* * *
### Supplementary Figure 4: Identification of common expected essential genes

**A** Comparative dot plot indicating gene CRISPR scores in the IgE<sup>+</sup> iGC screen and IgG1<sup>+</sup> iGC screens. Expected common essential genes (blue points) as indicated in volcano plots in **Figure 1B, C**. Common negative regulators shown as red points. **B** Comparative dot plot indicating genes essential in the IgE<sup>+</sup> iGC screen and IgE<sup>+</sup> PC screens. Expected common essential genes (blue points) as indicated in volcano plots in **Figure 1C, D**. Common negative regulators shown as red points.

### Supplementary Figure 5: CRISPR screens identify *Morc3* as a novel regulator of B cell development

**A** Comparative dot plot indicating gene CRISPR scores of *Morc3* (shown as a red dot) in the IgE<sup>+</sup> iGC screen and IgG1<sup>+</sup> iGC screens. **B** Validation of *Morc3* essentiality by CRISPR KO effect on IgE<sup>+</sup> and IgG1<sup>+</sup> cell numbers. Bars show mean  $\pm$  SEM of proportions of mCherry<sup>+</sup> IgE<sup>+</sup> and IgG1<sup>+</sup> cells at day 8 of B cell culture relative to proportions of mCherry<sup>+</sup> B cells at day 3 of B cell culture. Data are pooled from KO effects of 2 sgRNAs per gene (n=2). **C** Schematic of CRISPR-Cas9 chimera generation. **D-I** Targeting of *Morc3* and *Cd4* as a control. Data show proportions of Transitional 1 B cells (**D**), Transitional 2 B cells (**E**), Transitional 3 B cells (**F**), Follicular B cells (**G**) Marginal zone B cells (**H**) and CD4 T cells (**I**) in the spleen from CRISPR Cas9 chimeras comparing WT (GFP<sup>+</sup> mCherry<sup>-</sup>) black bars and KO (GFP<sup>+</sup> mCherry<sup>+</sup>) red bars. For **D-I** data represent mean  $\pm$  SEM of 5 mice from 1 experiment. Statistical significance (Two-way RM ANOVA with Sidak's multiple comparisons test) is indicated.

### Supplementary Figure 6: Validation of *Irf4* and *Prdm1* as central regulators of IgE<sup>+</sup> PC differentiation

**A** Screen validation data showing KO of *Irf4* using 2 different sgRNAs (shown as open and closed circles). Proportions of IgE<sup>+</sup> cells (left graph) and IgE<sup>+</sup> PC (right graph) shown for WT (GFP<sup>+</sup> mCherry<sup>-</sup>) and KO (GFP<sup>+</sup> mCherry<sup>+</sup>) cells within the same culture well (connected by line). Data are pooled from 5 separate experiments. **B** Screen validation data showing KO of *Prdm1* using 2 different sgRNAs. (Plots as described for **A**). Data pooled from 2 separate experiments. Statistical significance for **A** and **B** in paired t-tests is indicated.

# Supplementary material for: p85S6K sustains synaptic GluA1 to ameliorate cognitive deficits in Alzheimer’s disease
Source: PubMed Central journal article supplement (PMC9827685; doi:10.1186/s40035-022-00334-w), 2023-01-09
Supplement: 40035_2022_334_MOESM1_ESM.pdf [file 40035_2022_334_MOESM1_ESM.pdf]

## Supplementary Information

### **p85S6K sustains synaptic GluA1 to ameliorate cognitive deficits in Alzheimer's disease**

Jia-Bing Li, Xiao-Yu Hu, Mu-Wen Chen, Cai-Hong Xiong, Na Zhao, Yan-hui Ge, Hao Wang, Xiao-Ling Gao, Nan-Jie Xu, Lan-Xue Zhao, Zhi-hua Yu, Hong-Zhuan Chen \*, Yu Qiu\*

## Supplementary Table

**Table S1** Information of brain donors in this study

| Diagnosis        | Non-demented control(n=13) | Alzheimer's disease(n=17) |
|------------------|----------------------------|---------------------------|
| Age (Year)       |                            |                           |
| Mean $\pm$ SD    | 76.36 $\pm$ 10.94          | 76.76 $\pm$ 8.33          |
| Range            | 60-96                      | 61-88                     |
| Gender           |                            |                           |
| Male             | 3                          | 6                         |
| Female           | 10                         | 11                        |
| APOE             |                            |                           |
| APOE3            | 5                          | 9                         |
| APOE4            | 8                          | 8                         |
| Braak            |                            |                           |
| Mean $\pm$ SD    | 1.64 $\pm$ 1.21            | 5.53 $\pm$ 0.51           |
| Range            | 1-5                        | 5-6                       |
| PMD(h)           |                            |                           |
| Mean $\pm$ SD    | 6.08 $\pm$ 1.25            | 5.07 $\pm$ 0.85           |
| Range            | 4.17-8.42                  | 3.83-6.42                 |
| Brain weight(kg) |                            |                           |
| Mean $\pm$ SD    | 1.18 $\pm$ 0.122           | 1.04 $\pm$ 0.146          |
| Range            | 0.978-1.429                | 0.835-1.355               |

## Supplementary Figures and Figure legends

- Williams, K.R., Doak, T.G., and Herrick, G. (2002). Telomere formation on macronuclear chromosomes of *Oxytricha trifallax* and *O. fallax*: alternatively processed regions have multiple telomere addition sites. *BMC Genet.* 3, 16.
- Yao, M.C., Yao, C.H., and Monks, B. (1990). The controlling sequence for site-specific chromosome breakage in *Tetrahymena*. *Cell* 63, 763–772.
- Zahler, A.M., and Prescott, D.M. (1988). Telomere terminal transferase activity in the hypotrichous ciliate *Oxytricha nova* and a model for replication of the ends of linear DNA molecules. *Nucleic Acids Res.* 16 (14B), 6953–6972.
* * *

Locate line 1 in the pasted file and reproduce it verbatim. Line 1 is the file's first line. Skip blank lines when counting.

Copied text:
### Supplementary Figure 4: Identification of common expected essential genes